The best way to treat Ebola patients who reach America

By Celine Gounder
August 4, 2014

 Members of the media wait in front of Emory University Hospital after an ambulance carrying American doctor Kent Brantly, who has the Ebola virus, arrived via Dobbins Air Reserve Base in Atlanta, Georgia

Dr. Kent Brantly, an American physician stricken with Ebola, was evacuated this weekend from Liberia to Emory University Hospital in Atlanta, where he will receive treatment for the deadly virus. His colleague Nancy Writebol, also infected with the Ebola virus, returned to the United States on Tuesday. But many Americans have expressed outrage over transport of these Ebola patients into the United States.

This reaction is unjustified — and callous. In the United States, much more can be done for a critically ill Ebola patient than if he or she were on the ground in West Africa. We have intensive care units that allow for careful, continuous monitoring of blood pressure, oxygenation and organ function. Blood pressure may be supported with intravenous fluids and “pressor” medications like norepinephrine, which increase blood pressure. If organs begin to fail when blood pressures are low, we can use ventilators to support breathing or dialysis if kidneys aren’t working. Ebola patients have weakened immune systems and can acquire secondary infections, for which we have a much broader array of antimicrobials at our disposal in the United States.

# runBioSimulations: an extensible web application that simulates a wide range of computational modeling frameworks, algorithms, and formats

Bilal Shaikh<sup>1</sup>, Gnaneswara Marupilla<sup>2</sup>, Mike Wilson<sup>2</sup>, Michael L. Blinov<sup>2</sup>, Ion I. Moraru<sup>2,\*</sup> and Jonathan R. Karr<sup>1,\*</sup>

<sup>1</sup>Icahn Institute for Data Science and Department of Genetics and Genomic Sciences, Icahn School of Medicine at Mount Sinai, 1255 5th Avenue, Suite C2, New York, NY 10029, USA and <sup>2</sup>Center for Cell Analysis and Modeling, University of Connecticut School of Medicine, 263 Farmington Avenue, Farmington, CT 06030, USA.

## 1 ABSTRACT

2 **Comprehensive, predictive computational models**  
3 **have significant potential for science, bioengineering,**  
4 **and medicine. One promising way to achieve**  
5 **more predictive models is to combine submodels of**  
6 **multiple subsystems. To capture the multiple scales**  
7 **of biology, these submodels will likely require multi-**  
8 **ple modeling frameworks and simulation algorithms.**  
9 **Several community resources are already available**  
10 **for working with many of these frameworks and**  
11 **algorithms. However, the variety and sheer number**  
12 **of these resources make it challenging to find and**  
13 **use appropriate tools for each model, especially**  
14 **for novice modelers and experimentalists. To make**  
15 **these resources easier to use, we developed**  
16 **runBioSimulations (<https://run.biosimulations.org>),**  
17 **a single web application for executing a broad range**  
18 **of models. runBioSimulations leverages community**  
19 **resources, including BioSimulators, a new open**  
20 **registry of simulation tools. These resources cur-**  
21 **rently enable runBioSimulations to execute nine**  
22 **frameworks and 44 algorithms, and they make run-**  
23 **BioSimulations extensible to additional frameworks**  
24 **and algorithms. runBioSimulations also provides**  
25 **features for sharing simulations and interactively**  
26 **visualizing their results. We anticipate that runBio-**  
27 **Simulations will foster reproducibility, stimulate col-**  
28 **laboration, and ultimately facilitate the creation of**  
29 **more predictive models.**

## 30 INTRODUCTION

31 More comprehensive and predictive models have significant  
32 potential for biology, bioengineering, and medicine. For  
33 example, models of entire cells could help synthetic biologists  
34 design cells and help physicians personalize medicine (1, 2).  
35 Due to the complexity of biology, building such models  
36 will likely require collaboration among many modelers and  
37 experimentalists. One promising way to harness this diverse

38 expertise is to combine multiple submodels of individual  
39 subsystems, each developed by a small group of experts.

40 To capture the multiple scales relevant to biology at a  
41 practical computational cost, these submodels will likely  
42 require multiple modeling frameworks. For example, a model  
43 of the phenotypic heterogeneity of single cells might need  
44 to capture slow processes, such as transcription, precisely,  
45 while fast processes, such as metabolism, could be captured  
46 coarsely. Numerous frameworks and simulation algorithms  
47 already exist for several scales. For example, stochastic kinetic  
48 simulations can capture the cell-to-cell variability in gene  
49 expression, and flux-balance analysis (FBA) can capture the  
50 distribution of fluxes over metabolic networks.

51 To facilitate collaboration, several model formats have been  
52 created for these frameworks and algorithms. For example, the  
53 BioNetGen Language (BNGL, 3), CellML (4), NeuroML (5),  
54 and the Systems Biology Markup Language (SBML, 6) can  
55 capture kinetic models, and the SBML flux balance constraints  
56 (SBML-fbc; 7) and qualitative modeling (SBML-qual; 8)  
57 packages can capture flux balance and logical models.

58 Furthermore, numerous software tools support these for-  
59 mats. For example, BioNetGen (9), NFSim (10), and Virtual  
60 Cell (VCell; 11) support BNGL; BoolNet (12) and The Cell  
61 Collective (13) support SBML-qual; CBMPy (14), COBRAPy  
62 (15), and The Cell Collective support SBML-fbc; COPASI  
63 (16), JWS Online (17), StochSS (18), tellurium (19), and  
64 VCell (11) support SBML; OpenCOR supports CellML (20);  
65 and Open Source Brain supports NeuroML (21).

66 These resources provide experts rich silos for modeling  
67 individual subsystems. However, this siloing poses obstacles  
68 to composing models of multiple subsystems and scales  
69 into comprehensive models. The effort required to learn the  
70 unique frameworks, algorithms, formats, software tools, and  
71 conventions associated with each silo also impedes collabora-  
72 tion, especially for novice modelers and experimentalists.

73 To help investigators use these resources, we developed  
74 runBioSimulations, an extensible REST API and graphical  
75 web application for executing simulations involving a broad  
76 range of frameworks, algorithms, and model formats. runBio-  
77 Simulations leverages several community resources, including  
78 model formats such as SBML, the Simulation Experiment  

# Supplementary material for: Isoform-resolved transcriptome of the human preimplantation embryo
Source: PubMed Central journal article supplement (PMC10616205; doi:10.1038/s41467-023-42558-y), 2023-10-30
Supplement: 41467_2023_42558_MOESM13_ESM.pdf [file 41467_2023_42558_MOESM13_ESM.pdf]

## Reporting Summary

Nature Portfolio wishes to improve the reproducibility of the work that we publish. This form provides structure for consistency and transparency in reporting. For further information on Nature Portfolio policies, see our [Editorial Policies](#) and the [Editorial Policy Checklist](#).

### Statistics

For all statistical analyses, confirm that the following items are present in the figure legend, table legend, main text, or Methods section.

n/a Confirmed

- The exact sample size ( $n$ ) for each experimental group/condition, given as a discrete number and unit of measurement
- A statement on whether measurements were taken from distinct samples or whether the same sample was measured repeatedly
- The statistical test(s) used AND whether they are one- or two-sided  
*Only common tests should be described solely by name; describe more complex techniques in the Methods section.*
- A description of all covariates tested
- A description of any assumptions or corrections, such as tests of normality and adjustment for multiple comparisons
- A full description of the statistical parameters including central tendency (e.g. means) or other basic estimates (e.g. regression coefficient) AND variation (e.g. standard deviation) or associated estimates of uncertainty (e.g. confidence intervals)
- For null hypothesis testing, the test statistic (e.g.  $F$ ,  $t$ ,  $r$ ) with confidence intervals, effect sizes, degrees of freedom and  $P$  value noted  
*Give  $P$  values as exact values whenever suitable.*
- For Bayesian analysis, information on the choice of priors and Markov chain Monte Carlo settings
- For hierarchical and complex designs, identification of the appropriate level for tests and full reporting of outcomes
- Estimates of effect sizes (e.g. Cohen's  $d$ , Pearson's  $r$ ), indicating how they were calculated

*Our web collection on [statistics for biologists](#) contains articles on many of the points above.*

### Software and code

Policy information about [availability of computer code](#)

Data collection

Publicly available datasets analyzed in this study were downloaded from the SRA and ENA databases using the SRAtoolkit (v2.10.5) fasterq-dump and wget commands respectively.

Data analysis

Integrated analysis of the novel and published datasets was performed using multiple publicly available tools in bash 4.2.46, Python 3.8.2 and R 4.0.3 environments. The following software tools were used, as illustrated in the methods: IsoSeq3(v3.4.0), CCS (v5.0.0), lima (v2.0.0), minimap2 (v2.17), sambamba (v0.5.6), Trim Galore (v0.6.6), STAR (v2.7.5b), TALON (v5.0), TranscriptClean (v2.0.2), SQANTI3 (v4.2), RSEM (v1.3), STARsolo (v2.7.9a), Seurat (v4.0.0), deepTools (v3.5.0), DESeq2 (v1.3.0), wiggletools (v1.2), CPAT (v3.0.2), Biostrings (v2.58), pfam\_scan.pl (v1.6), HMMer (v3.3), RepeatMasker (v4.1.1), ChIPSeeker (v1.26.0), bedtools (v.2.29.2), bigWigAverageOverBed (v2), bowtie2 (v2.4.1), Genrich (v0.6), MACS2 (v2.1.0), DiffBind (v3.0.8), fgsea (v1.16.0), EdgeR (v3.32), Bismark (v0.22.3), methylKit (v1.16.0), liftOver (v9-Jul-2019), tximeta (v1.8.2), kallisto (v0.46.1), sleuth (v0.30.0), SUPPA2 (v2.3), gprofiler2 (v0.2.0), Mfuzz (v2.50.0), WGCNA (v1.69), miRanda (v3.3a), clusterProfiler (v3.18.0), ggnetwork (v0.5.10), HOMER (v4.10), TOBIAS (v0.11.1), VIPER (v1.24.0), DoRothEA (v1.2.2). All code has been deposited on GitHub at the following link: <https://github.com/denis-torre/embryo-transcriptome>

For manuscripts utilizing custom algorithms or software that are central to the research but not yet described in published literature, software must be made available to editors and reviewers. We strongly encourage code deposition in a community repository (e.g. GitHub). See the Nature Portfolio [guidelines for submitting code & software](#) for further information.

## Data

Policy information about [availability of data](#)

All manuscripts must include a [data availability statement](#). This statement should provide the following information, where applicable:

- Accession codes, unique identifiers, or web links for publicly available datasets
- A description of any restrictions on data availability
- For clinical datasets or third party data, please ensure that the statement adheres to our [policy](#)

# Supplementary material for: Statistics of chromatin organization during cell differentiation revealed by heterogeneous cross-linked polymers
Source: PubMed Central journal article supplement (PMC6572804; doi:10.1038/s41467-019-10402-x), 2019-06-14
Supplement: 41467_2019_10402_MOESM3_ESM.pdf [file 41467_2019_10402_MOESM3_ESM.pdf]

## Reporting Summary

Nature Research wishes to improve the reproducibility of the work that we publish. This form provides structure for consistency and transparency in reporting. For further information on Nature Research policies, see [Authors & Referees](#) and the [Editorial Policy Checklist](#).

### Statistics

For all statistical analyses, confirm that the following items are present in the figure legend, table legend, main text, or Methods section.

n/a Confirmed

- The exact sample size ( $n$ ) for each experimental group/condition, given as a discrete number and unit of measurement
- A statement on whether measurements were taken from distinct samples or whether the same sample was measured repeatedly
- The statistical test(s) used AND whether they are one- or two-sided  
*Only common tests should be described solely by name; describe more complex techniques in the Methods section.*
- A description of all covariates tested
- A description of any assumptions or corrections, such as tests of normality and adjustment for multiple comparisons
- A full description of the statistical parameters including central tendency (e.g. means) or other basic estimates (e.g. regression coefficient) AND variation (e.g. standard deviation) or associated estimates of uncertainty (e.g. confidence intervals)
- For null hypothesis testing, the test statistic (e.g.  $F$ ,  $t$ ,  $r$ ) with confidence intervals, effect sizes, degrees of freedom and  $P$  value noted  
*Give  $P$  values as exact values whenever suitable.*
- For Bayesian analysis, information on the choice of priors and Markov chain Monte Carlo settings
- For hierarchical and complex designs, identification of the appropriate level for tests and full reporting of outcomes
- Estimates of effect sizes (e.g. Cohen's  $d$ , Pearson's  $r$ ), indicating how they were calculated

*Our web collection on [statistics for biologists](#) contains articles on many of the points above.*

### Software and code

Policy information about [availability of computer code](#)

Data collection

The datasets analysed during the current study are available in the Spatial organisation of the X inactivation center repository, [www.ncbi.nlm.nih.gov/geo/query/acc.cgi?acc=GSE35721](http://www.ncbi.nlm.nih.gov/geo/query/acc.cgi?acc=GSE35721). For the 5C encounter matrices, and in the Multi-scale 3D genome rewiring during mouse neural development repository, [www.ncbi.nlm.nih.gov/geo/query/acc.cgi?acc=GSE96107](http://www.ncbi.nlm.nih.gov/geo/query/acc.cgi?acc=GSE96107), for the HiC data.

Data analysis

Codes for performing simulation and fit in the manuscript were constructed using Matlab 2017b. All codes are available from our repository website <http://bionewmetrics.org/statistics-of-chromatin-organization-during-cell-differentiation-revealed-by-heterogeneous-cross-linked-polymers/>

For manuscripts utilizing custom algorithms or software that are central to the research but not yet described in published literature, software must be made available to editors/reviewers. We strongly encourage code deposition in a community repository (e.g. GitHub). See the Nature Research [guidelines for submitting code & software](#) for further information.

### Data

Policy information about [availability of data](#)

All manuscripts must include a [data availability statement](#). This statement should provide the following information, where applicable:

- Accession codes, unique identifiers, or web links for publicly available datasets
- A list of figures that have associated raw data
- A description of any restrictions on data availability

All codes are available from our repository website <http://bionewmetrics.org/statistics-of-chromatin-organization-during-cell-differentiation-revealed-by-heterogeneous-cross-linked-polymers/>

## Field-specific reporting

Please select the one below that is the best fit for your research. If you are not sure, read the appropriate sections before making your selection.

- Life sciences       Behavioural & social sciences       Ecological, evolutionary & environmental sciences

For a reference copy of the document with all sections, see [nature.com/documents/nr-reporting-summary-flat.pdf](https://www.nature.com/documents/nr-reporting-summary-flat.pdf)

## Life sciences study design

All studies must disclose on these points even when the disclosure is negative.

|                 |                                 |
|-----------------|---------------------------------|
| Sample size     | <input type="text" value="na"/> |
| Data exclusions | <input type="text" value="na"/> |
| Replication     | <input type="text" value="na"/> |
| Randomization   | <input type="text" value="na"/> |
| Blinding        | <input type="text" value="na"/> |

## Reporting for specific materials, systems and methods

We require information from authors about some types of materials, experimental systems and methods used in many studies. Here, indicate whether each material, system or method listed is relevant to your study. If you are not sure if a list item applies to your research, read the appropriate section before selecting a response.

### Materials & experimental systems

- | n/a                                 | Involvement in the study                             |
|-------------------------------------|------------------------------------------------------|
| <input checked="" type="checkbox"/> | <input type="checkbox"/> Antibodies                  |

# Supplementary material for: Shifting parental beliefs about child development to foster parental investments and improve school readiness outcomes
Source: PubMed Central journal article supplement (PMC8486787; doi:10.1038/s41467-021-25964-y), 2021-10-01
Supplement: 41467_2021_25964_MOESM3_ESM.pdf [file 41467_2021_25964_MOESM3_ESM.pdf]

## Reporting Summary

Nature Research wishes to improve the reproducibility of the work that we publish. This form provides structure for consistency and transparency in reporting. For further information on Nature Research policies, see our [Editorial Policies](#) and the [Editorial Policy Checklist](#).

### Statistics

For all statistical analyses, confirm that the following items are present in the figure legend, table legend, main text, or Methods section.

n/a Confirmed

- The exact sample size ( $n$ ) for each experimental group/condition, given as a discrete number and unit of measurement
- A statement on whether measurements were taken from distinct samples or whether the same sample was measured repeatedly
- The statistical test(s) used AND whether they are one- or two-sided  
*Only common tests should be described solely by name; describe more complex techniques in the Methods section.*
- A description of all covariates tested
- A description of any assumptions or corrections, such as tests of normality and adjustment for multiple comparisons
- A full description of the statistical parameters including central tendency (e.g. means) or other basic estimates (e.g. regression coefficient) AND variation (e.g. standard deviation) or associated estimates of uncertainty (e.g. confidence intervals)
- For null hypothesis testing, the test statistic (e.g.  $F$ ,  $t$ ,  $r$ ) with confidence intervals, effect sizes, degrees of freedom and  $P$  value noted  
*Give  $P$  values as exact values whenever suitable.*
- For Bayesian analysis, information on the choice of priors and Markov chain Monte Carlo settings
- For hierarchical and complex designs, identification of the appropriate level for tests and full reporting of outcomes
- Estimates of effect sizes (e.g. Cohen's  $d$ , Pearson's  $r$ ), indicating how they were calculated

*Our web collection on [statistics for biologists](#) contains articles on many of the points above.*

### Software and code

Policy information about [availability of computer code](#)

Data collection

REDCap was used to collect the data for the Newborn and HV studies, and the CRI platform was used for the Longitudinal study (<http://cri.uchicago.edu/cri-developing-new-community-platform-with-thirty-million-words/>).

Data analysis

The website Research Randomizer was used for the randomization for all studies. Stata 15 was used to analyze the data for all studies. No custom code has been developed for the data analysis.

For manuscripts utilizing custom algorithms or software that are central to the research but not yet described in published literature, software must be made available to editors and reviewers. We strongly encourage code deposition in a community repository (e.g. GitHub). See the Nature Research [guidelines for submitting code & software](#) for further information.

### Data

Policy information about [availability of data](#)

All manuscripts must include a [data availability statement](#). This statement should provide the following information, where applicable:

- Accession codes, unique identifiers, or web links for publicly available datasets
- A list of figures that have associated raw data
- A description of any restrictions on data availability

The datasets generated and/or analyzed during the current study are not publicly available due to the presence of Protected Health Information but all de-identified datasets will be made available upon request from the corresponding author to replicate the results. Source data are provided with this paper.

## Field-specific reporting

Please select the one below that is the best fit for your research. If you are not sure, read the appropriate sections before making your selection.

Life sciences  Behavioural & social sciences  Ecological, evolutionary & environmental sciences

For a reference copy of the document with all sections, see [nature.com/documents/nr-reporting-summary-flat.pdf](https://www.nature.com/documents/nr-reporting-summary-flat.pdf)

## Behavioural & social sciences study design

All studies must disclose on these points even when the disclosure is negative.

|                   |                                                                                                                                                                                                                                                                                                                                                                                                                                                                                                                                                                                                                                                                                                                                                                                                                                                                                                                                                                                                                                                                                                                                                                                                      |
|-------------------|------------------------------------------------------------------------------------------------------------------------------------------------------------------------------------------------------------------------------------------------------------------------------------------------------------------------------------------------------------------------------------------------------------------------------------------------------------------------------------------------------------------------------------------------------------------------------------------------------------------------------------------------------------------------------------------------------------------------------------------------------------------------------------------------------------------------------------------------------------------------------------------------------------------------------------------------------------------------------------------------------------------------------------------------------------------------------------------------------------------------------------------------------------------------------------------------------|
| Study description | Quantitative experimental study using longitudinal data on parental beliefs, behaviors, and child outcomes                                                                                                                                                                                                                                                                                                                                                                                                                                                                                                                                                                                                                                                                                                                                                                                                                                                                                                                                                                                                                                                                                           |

Medical staff working with Medecins sans Frontieres prepare to bring food to patients kept in an isolation area at the MSF Ebola treatment centre in KailahunThe likelihood that other Americans could get Ebola from Brantly or Writebol is extremely small. Ebola is not airborne. It is spread through direct contact with a sick patient or infectious bodily fluids. Brantly and Writebol are being treated in a specialized unit, separate from other patients at Emory University Hospital. The healthcare workers staffing this unit will be working in shifts and have access to personal protective equipment. Hospital staff will follow the Center for Disease Control and Prevention’s infection control guidelines for management of contaminated fluids, materials, equipment and surfaces. This is in contrast to working conditions in Guinea, Liberia and Sierra Leone, where the disease has been spreading.

Ebola is a deadly virus for which there is no cure. It kills quickly and dramatically. And it is not the first disease that has inspired fear and stigma. In 1984, Ryan White was diagnosed with AIDS. The thirteen-year-old boy acquired HIV from a blood transfusion for hemophilia. At that time, we knew how HIV was transmitted — through sexual intercourse or blood — yet parents and school officials were afraid that White would transmit HIV to other students by touching them or sharing water fountains. White had to fight in court for his right to go to school.

It is no more likely that Brantly and Writebol’s arrival in the United States will result in an Ebola outbreak than White was to infect his classmates with HIV. There have been five patients with hemorrhagic fevers similar to Ebola in the United States over the last ten years, but none transmitted infection.